Sixty years ago, no one saw this day coming. I know because I read all the science-fiction of that day. For the first ten years, computers were ridiculously huge, mind-numbingly slow, and incredibly expensive. By the new millenium, they were tiny, fast, and affordable. And ten years later, we throw away more computing power every day than existed in those first ten years.
The other unforeseen thing was the Internet. For the first twenty years, they were trying to connect computers but it was mostly experimental (and government supported). Today, average kids use smart phones to send text and photos to their friends—any where in the world—through the Internet. Back then, such a world was unimaginable.
The third thing that no one—not even Bucky Fuller who gave it a name: emphemeralization (look it up on Wikipedia)—saw was how fast it was coming. Sixty years sounds like (and is) a long time, but if you were watching, the speed at which it happened was unbelievable. It was even, as Vizzini said in The Princess Bride, inconceivable.
Where are these unforeseen events going? We, here in the US, think that because the smart phone and its worldwide connections appear ubiquitous, they must be everywhere, in the hands of everyone. Not so. First, such devices require high-speed connections but broadband access is less than 20% of the population worldwide. Second, even the cheapest smart phone is too expensive for many poor people. (Have you ever seen a homeless person with one? And homeless in America is still better off than being poor in a poor country.)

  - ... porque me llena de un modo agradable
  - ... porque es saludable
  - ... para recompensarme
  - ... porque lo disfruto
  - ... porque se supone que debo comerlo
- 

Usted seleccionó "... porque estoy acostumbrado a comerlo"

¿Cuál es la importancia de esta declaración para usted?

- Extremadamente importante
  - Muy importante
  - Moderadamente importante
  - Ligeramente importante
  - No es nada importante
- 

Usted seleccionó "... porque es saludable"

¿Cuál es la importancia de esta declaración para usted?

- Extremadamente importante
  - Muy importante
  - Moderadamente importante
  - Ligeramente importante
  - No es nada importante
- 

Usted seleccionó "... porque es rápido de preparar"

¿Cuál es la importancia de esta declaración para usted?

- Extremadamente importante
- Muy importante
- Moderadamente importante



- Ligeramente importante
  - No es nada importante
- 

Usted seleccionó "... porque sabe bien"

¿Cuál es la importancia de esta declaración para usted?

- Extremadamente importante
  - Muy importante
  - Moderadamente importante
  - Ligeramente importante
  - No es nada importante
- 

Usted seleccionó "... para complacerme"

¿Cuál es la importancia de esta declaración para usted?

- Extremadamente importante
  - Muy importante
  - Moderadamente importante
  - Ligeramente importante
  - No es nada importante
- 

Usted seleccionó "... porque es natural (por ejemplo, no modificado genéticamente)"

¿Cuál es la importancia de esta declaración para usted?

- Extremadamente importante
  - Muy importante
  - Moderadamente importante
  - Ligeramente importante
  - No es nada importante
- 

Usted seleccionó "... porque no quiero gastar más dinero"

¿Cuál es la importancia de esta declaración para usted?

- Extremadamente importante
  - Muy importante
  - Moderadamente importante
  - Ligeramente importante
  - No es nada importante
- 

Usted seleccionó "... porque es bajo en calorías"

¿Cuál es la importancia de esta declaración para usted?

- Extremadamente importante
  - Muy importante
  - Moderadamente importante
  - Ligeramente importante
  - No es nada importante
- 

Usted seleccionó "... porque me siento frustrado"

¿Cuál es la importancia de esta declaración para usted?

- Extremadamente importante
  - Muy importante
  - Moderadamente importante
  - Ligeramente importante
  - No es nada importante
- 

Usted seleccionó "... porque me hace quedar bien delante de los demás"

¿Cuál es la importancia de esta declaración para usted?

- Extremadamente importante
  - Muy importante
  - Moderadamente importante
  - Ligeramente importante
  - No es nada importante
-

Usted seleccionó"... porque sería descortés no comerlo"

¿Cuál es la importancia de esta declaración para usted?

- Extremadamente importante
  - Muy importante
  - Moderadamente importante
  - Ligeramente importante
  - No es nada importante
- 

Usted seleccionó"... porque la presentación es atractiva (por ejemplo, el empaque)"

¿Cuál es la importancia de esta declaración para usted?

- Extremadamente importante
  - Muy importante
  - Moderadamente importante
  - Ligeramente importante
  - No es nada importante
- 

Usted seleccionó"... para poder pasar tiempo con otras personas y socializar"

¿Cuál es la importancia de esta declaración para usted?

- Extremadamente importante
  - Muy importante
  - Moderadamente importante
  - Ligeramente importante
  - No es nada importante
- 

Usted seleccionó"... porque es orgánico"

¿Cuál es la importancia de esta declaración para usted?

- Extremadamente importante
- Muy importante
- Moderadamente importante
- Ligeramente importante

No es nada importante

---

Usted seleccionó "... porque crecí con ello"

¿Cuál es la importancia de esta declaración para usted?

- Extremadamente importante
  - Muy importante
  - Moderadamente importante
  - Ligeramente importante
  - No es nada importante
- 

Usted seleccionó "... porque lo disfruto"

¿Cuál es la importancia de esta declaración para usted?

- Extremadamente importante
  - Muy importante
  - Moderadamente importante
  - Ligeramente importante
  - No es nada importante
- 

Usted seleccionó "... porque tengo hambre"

Where is all this headed? Clearly the cost of capable computer communication (like a smart phone or tablet), while dropping in price, will never be as cheap as, say, pencil and paper. And even if a country provided free cell phones (and service) to all its citizens, such devices would be minimal. So, even in that unlikely case, in that unlikely country, there would be still two classes of computer-connected citizens: the well-connected and the not-so-well-connected.
The answer to where it’s going is, where it’s always been. In computers and communication, as in our overall economic world, the middle-class is being pushed down into the lower class. The unmistakable trend—as it has been throughout most of human history—is for just two classes: those who have and those who have not. And it’s happening faster than anyone can foresee.